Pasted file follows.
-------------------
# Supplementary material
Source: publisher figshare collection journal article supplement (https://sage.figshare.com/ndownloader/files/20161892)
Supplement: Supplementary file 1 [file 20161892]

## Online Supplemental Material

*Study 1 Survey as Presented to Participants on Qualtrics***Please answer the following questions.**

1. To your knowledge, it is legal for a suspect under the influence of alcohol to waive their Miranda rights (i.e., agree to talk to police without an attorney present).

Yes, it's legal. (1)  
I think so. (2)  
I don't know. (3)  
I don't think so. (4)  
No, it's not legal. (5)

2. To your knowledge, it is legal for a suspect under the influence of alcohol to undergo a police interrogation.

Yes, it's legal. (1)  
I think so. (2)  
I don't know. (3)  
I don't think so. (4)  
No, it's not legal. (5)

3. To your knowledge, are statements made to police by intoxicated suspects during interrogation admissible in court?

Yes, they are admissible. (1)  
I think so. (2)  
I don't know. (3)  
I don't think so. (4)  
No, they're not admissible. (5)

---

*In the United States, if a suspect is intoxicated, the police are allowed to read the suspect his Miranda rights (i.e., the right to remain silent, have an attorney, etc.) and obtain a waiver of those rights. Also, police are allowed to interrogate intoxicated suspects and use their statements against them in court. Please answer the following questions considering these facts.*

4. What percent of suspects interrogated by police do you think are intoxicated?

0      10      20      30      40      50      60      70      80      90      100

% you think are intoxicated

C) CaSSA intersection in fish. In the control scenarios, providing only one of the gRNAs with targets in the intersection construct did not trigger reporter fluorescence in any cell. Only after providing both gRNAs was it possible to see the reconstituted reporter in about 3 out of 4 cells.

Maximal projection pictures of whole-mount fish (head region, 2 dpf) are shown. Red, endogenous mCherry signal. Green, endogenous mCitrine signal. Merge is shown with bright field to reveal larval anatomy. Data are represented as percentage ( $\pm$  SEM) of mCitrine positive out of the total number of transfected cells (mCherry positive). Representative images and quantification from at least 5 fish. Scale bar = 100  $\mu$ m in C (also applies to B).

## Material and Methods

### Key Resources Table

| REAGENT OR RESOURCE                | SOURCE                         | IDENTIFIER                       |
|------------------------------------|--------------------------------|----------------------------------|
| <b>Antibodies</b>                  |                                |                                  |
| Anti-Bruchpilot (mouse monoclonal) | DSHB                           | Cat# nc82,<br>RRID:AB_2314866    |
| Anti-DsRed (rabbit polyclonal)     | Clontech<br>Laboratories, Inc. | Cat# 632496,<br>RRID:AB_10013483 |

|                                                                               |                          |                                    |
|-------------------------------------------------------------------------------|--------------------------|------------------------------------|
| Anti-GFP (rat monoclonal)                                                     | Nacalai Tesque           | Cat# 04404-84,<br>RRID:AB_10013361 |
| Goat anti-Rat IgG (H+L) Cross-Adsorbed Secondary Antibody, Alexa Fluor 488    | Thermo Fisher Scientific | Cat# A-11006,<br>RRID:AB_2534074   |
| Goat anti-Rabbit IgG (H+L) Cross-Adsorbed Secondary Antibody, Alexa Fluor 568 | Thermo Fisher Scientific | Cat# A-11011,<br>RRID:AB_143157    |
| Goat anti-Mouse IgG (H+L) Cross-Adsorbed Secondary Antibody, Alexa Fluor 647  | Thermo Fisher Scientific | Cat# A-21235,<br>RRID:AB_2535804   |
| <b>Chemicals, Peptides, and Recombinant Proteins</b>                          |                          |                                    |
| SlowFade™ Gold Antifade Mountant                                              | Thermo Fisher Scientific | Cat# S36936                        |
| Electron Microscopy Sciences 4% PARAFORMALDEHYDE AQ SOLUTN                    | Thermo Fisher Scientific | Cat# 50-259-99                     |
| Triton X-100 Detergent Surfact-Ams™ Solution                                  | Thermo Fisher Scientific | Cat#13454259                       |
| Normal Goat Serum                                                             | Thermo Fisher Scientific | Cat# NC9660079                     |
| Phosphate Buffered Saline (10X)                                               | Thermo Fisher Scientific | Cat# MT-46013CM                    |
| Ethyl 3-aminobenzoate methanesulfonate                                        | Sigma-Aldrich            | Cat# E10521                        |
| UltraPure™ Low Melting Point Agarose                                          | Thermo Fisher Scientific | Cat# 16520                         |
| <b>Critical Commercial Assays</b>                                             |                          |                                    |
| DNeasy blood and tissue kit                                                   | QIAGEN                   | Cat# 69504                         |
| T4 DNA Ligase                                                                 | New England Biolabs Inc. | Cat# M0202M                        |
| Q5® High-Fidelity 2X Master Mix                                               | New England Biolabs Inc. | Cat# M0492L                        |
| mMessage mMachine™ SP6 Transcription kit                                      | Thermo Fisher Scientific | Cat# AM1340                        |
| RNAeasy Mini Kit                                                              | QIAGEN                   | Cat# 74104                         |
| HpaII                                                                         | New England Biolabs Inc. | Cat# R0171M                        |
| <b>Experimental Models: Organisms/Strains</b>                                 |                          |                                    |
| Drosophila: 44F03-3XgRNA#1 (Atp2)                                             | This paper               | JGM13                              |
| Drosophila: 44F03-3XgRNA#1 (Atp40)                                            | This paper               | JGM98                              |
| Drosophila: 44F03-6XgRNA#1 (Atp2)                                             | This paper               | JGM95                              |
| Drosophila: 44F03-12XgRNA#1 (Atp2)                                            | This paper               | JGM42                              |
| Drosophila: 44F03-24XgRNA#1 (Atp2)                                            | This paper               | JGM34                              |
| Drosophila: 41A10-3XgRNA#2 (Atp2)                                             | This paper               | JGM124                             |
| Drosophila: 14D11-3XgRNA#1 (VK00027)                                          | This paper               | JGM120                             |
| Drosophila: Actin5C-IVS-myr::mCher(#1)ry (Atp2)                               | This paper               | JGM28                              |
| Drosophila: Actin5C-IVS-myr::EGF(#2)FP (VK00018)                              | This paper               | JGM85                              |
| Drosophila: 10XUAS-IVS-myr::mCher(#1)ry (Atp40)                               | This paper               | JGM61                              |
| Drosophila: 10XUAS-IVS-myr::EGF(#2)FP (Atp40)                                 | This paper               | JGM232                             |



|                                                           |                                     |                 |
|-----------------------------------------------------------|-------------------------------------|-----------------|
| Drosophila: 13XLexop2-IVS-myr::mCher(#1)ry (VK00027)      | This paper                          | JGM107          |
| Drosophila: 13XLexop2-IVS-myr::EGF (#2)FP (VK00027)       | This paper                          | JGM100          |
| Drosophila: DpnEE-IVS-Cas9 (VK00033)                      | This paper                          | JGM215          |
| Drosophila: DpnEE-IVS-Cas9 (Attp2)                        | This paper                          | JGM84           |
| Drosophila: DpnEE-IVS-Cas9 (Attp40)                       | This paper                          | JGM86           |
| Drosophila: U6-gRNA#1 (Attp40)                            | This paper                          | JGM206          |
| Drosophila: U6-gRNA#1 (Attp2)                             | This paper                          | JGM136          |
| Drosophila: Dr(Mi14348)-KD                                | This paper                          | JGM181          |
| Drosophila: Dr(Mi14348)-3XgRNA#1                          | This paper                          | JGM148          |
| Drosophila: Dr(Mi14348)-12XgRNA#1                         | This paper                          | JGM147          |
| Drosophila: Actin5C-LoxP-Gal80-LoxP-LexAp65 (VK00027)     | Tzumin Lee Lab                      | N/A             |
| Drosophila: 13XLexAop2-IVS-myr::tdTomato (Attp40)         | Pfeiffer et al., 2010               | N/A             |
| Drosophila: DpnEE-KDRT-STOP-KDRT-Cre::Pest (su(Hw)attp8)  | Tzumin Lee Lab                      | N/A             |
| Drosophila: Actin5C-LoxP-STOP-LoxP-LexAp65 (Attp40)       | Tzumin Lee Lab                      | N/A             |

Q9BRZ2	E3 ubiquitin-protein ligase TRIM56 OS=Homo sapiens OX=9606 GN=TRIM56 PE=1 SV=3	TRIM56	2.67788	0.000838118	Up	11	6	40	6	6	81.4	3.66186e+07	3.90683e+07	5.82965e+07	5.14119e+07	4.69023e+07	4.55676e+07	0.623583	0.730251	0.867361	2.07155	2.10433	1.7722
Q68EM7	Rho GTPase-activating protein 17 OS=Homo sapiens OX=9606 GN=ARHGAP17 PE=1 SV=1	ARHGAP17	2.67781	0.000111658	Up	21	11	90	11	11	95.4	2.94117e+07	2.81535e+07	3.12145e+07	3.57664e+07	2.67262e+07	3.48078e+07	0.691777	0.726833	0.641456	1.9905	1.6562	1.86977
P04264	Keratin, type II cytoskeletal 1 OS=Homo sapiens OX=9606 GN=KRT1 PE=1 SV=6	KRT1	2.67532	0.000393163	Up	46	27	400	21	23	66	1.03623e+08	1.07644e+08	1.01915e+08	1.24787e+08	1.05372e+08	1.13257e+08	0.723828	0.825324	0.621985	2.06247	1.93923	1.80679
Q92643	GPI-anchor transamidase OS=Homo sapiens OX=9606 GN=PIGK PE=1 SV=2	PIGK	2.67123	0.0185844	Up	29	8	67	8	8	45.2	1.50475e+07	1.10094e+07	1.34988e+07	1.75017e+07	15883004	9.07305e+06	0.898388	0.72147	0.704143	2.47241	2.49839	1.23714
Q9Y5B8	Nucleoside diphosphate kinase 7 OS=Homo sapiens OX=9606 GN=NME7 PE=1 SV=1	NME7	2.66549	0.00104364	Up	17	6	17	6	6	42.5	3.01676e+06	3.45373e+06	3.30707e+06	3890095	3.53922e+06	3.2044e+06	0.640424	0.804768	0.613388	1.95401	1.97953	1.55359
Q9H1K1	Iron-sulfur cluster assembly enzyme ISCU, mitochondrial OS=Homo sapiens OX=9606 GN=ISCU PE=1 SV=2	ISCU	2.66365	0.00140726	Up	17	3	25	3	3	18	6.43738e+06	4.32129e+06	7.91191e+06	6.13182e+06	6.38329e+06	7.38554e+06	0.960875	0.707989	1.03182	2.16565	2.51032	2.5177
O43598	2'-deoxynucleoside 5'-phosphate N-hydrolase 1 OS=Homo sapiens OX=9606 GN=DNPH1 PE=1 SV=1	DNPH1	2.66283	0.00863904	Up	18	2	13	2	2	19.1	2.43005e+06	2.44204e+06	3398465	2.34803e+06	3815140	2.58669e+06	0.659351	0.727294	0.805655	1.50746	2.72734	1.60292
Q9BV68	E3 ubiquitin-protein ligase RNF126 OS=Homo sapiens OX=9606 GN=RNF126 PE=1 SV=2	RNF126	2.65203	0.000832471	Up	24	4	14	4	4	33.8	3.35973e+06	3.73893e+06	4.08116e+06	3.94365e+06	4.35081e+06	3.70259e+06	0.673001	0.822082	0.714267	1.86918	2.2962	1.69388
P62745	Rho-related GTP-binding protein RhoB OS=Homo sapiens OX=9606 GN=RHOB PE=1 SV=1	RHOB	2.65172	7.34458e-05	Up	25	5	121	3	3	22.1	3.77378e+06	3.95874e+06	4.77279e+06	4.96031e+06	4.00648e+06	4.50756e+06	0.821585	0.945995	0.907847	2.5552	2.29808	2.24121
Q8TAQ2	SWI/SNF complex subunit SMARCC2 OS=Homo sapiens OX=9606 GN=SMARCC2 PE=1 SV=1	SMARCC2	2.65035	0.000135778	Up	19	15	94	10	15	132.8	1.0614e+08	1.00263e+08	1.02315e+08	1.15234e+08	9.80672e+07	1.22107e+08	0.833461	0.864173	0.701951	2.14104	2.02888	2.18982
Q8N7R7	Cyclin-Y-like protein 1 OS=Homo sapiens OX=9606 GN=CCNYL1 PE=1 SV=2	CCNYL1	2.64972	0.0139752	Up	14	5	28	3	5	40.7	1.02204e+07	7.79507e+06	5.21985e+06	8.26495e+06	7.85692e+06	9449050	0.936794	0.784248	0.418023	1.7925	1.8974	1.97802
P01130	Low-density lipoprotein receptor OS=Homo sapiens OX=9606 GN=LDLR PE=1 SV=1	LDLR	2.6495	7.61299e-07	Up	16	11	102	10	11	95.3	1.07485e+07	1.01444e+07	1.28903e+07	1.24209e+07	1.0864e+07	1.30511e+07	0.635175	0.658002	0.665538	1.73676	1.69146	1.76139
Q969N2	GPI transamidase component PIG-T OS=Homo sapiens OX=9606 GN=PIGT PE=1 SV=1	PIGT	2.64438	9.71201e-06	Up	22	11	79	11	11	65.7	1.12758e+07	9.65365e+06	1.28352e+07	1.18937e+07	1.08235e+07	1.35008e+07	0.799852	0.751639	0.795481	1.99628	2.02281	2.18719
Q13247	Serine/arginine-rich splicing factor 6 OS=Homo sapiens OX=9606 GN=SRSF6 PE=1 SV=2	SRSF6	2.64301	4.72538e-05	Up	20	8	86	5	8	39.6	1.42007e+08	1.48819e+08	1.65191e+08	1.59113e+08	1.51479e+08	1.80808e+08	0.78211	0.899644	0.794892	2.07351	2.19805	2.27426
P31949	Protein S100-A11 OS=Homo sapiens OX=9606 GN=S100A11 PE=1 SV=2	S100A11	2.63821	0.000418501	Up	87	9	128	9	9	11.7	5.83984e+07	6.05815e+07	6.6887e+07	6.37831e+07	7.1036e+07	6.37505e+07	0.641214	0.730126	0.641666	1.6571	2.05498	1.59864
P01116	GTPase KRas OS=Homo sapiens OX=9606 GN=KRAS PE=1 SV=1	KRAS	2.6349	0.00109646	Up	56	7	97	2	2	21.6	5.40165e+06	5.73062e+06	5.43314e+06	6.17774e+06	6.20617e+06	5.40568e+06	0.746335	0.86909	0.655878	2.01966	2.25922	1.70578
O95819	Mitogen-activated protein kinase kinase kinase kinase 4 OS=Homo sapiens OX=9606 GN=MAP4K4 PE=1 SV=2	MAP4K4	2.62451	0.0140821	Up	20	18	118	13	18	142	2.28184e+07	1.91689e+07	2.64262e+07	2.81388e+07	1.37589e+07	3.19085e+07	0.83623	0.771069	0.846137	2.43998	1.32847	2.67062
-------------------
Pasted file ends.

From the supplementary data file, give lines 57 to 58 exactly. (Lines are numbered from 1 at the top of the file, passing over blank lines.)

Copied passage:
| RNAeasy Mini Kit                                                              | QIAGEN                   | Cat# 74104                         |
| HpaII                                                                         | New England Biolabs Inc. | Cat# R0171M                        |